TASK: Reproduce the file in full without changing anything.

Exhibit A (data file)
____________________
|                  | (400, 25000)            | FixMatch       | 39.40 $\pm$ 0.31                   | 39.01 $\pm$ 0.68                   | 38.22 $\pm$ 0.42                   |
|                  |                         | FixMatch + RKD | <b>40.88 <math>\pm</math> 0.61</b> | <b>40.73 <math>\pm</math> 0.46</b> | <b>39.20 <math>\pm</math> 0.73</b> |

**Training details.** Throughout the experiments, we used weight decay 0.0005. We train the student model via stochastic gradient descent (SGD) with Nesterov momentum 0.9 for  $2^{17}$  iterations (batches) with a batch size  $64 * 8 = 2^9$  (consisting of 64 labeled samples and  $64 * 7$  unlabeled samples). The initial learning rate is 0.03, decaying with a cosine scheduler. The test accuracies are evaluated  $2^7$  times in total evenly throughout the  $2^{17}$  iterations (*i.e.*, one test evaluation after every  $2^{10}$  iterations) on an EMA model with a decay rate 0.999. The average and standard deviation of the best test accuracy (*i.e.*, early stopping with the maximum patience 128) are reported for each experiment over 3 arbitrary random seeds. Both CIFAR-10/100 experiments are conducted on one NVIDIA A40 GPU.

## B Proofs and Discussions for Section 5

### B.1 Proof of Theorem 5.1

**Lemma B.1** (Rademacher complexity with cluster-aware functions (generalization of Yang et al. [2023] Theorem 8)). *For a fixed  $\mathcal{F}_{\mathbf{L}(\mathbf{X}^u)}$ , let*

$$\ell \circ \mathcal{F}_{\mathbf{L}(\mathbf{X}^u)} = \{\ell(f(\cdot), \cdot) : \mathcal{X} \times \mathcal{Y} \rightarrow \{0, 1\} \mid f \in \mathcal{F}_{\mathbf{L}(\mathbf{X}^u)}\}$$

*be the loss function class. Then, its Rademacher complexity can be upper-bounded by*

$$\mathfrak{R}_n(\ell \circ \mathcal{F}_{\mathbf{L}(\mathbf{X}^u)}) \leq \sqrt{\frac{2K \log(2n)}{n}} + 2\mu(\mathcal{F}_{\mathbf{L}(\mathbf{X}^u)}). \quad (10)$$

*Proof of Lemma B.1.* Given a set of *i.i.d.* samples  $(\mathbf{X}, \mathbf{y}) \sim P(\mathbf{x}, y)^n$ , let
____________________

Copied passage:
|                  | (400, 25000)            | FixMatch       | 39.40 $\pm$ 0.31                   | 39.01 $\pm$ 0.68                   | 38.22 $\pm$ 0.42                   |
|                  |                         | FixMatch + RKD | <b>40.88 <math>\pm</math> 0.61</b> | <b>40.73 <math>\pm</math> 0.46</b> | <b>39.20 <math>\pm</math> 0.73</b> |

**Training details.** Throughout the experiments, we used weight decay 0.0005. We train the student model via stochastic gradient descent (SGD) with Nesterov momentum 0.9 for  $2^{17}$  iterations (batches) with a batch size  $64 * 8 = 2^9$  (consisting of 64 labeled samples and  $64 * 7$  unlabeled samples). The initial learning rate is 0.03, decaying with a cosine scheduler. The test accuracies are evaluated  $2^7$  times in total evenly throughout the  $2^{17}$  iterations (*i.e.*, one test evaluation after every  $2^{10}$  iterations) on an EMA model with a decay rate 0.999. The average and standard deviation of the best test accuracy (*i.e.*, early stopping with the maximum patience 128) are reported for each experiment over 3 arbitrary random seeds. Both CIFAR-10/100 experiments are conducted on one NVIDIA A40 GPU.

## B Proofs and Discussions for Section 5

### B.1 Proof of Theorem 5.1

**Lemma B.1** (Rademacher complexity with cluster-aware functions (generalization of Yang et al. [2023] Theorem 8)). *For a fixed  $\mathcal{F}_{\mathbf{L}(\mathbf{X}^u)}$ , let*

$$\ell \circ \mathcal{F}_{\mathbf{L}(\mathbf{X}^u)} = \{\ell(f(\cdot), \cdot) : \mathcal{X} \times \mathcal{Y} \rightarrow \{0, 1\} \mid f \in \mathcal{F}_{\mathbf{L}(\mathbf{X}^u)}\}$$

*be the loss function class. Then, its Rademacher complexity can be upper-bounded by*

$$\mathfrak{R}_n(\ell \circ \mathcal{F}_{\mathbf{L}(\mathbf{X}^u)}) \leq \sqrt{\frac{2K \log(2n)}{n}} + 2\mu(\mathcal{F}_{\mathbf{L}(\mathbf{X}^u)}). \quad (10)$$

*Proof of Lemma B.1.* Given a set of *i.i.d.* samples  $(\mathbf{X}, \mathbf{y}) \sim P(\mathbf{x}, y)^n$ , let